Baseball Crank
Covering the Front and Back Pages of the Newspaper
October 3, 2005
LAW: It's Miers

So, President Bush has chosen White House Counsel Harriet Miers for the next Supreme Court opening. First of all, a hat tip to David Frum; as I noted back in July, Frum was the first to float Miers' name as a dark horse pick for the Court. Miers is profiled here by the Washington Post.

Color me less than thrilled. Yes, I know that she's known to be pro-life; in fact, that's nearly the only thing that seems to be known for certain about her views, given that in 1993 she led an unsuccessful battle to change the ABA's position on abortion (ht: ConfirmThem). And I know that, as the White House is already pointing out, 10 of the last 34 Justices have been non-judges appointed from within the executive branch, including William Rehnquist, Byron White, Robert Jackson, and William Douglas.

But there are a large number of reasons to be less than thrilled with Miers either as a nominee or as a prospective Justice. First, she's not young; at 60, Miers is older than almost all of the widely-discussed candidates. Second, Bush passed over a number of people well-known to be brilliant academics, appellate advocates and/or appellate judges to get to her, including Michael McConnell, Miguel Estrada, J. Michael Luttig, Danny Boggs, and Edith Jones. Miers may well be highly intelligent, but she has no such reputation. Third, Bush also passed over experienced trial judges - Jones, Emilio Garza, Edith Brown Clement. There's actually a lot to be said for having a Justice who has trial-level experience, since the Court does, after all, sit atop a system of courts, and a Court with nobody who has sat at the point where the court system actually interfaces with the general public - where factual evidentiary records are developed, juries are instructed in the law, injunctions are granted, and criminal defendants sentenced - is a Court that lacks an essential perspective on its role in the system of justice. Of course, Miers was a commercial litigator for years, so that's a fair substitute for experience as a trial judge on the civil side, but I'm not sure if she has any criminal experience. And much of her career path has been spent as an administrator, running a law firm, running the Texas Bar, running the Texas State Lottery, and working in the White House for five years. She presumably hasn't seen a courtroom in a decade.

Miers may well play well on TV, as John Roberts did. But Roberts entered the game with a powerful advantage: his unchallenged reputation for brilliance and high qualification. Her personal story - a never-married woman who worked her way up through male-dominated Texas law firms to become the first president of the Texas State Bar, breaking lots of 'glass ceilings' in the process - could be an inspiring tale to feminists, but since they are the #1 group automatically opposed to any Bush nominee, Miers' political benefits should be blunted.

Even Frum isn't overly impressed:

I have to confess that at the time, I was mostly joking. Harriet Miers is a capable lawyer, a hard worker, and a kind and generous person. She would be an reasonable choice for a generalist attorney, which is indeed how George W. Bush first met her. She would make an excellent trial judge: She is a careful and fair-minded listener. But US Supreme Court?

In the White House that hero worshipped the president, Miers was distinguished by the intensity of her zeal: She once told me that the president was the most brilliant man she had ever met. She served Bush well, but she is not the person to lead the court in new directions - or to stand up under the criticism that a conservative justice must expect.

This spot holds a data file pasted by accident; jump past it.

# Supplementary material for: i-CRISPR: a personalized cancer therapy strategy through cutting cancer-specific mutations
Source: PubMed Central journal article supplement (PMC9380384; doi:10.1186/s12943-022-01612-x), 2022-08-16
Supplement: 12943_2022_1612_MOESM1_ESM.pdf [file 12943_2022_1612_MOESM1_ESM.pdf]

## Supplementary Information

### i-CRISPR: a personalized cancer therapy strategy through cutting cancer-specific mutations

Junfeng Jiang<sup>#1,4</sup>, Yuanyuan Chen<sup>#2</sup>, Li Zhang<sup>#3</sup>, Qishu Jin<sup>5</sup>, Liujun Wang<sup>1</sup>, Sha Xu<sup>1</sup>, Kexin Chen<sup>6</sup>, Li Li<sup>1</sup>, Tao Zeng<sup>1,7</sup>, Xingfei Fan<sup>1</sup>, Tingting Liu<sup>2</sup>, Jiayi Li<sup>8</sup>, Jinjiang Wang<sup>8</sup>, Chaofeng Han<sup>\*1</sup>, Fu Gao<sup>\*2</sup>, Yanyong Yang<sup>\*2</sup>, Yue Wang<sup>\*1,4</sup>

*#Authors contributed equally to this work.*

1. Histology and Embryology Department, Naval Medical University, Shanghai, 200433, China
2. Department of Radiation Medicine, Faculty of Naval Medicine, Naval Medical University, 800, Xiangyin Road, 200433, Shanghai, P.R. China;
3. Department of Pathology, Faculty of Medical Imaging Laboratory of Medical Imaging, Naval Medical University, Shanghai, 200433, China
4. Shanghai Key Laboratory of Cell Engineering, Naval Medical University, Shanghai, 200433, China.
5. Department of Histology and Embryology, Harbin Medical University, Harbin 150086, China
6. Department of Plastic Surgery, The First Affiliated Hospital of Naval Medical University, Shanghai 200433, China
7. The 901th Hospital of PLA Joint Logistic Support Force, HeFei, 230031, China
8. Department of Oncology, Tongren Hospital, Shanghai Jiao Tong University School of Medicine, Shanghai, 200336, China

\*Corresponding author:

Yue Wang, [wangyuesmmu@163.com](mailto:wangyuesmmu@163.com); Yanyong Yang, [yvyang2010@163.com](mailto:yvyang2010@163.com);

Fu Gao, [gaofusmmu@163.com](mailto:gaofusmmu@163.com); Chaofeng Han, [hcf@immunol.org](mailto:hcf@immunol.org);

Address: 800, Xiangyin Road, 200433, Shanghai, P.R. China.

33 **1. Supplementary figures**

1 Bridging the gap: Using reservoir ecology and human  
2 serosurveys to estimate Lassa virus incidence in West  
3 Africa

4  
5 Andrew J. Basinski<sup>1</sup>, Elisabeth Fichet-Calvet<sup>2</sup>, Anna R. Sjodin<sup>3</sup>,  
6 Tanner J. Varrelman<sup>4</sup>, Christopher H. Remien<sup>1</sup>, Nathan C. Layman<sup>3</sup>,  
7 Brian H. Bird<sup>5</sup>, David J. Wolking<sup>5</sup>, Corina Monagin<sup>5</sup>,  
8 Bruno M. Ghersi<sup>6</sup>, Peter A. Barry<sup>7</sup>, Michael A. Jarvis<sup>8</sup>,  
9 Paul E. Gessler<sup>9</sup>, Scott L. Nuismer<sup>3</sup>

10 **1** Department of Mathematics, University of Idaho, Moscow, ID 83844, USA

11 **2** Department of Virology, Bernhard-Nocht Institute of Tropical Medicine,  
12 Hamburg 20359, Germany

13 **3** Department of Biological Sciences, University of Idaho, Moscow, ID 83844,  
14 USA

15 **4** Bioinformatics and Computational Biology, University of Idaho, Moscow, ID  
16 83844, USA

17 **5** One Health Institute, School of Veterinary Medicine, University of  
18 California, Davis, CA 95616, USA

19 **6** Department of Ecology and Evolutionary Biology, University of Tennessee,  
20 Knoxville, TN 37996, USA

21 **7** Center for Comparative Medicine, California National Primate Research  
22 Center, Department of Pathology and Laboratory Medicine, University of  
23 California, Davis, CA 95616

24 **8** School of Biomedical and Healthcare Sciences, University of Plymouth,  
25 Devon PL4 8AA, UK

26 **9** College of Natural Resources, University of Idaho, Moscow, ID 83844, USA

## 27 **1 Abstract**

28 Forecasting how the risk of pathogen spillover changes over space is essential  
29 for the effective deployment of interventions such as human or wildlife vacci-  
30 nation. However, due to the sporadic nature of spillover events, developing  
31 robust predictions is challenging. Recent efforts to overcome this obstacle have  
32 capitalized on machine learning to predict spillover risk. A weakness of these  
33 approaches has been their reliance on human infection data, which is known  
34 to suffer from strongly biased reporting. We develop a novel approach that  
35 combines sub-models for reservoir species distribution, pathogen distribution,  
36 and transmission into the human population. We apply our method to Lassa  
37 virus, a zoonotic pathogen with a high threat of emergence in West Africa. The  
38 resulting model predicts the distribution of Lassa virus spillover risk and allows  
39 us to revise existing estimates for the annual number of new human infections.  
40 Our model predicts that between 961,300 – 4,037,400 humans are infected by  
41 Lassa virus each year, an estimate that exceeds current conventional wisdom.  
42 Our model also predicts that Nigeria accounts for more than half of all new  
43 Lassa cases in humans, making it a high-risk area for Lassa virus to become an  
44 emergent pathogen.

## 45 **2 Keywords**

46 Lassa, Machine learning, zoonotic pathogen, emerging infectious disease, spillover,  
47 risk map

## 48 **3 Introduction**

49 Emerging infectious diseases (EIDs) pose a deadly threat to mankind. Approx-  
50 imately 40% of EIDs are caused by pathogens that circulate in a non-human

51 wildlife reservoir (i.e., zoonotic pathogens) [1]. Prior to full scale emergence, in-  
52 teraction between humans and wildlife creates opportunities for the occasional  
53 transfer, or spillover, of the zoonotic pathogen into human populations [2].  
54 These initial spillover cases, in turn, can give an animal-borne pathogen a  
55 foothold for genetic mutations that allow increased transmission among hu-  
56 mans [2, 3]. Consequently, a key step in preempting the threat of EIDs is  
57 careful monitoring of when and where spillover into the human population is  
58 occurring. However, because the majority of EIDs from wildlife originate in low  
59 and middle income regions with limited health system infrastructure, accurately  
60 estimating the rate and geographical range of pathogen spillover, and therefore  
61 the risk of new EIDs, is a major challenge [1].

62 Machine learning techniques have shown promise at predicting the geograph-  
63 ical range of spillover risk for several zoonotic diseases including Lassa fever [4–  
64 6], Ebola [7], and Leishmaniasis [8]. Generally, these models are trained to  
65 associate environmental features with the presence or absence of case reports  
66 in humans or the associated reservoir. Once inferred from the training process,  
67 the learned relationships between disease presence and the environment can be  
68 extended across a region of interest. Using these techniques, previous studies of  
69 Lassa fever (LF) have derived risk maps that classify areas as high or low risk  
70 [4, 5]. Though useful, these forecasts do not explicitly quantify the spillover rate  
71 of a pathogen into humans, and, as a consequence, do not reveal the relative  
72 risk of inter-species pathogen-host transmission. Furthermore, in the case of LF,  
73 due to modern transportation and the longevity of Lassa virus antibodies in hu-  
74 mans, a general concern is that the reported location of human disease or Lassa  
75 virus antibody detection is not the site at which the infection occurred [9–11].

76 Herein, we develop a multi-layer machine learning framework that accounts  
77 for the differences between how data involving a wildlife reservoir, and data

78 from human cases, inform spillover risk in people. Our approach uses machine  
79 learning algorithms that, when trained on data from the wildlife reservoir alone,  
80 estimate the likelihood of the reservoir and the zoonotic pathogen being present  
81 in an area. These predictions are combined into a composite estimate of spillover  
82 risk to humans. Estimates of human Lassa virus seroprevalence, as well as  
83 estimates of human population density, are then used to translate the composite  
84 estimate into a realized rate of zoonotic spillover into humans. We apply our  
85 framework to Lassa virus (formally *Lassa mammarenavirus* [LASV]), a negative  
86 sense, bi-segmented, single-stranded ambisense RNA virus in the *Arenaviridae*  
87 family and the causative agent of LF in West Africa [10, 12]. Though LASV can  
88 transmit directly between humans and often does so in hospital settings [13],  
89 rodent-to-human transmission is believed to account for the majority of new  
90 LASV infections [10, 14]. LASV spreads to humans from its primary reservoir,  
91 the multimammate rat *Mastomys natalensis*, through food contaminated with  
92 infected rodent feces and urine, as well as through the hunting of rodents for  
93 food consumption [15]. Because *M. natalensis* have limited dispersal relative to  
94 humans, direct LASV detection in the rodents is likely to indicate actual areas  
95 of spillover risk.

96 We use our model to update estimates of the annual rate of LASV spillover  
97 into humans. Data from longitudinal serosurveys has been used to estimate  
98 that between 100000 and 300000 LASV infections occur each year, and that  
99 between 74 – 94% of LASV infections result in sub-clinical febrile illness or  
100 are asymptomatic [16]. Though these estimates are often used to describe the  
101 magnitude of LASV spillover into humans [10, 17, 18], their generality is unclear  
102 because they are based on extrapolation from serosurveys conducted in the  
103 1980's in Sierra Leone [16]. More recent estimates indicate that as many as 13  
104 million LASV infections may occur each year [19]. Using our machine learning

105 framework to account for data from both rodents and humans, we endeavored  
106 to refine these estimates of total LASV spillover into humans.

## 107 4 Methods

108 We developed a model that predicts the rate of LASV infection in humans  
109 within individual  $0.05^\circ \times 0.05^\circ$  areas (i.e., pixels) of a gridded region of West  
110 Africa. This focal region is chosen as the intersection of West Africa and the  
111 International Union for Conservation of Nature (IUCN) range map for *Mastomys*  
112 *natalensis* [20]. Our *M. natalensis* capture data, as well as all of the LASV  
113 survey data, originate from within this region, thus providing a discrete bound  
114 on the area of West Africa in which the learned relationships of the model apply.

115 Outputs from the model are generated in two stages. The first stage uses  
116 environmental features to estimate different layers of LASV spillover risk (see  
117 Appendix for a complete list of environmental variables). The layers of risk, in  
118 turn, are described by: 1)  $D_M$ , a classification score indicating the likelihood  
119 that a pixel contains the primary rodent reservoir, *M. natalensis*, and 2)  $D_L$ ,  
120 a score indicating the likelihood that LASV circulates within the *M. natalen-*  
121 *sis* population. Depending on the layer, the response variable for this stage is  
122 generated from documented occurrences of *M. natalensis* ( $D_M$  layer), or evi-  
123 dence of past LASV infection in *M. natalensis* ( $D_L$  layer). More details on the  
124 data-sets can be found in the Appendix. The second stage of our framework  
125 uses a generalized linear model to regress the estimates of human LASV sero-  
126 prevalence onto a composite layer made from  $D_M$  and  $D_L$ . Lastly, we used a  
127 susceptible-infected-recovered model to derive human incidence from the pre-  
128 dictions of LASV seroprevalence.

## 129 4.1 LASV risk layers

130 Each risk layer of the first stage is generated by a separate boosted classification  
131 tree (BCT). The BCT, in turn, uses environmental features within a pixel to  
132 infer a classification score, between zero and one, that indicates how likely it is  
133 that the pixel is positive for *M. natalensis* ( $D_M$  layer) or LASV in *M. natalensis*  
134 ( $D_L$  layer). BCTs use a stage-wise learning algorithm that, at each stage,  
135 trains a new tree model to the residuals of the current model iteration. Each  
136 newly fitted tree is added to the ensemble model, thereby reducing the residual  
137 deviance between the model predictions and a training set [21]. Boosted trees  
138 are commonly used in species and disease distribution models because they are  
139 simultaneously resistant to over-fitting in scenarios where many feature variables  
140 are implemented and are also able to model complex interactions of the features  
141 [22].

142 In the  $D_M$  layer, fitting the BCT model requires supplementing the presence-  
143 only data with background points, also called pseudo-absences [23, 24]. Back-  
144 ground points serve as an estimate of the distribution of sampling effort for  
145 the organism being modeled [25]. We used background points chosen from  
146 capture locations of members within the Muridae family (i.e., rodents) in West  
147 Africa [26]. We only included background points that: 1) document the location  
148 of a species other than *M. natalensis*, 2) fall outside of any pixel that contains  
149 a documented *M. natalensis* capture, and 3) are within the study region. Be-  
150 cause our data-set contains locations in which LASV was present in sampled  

By picking an advisor known well to the president but without well-known views or qualifications in the larger legal community, Bush is asking us to trust him. And, personally, I do trust him. But for the public at large, "trust me" works a lot better for a president with high approval ratings and lots of political momentum than for a Chief Executive who has been off his stride and on the defensive much of the year. Especially given that Miers' selection plays right into the hands of the Democrats' recent drive to complain about Bush appointing "cronies." I just can't think that Harriet Miers was the best person for the job.

UPDATE: Krempasky notes that Miers gave $1,000 to the Al Gore for President campaign in 1988, and another $1,000 to the Democratic National Committee in November 1988.

SECOND UPDATE: I should note that Bush calls the bluff of Harry Reid, who said he wanted a nominee who was "more of a trial lawyer."

Captain Ed is less than impressed. David Bernstein is, perhaps, more incisive as to Bush's motivation:

What do Miers and Roberts have in common? They both have significant executive branch experience, and both seem more likely than other potential candidates to uphold the Administration on issues related to the War on Terror (e.g., Padilla and whether a citizen arrested in the U.S. can be tried in military court). Conservative political activists want someone who will interpret the Constitution in line with conservative judicial principles. But just as FDR's primary goal in appointing Justices was to appoint Justices that would uphold the centerpiece of his presidency, the New Deal, which coincidentally resulted in his appointing individuals who were liberal on other things, perhaps Bush sees his legacy primarily in terms of the War on Terror, and appointing Justices who will acquiesce in exercises of executive authority is his priority, even if it isn't the priority of either his base or the nation as a whole. Such Justices may be coincidentally conservative on other issues, just as FDR's nominees moved the USSC generally to the Left.

THIRD UPDATE: John Hinderaker is disappointed. K-Lo says everybody's depressed about this one and thinks the Christian Coalition will balk at Miers because she ran the lottery. Why Jonathan Adler thinks Miers "will likely provoke little Democratic opposition" is beyond me. NRO, Hinderaker, Morrissey, RedState . . . if Hugh Hewitt is underwhelmed (as I suspect he will be), who's left to defend the Administration on this one?

FOURTH UPDATE: John Hawkins of Right Wing News sets the bar for disappointment: "a Bush crony with no real conservative credentials . . . To merely describe Miers as a terrible pick is to underestimate her sheer awfulness as a selection."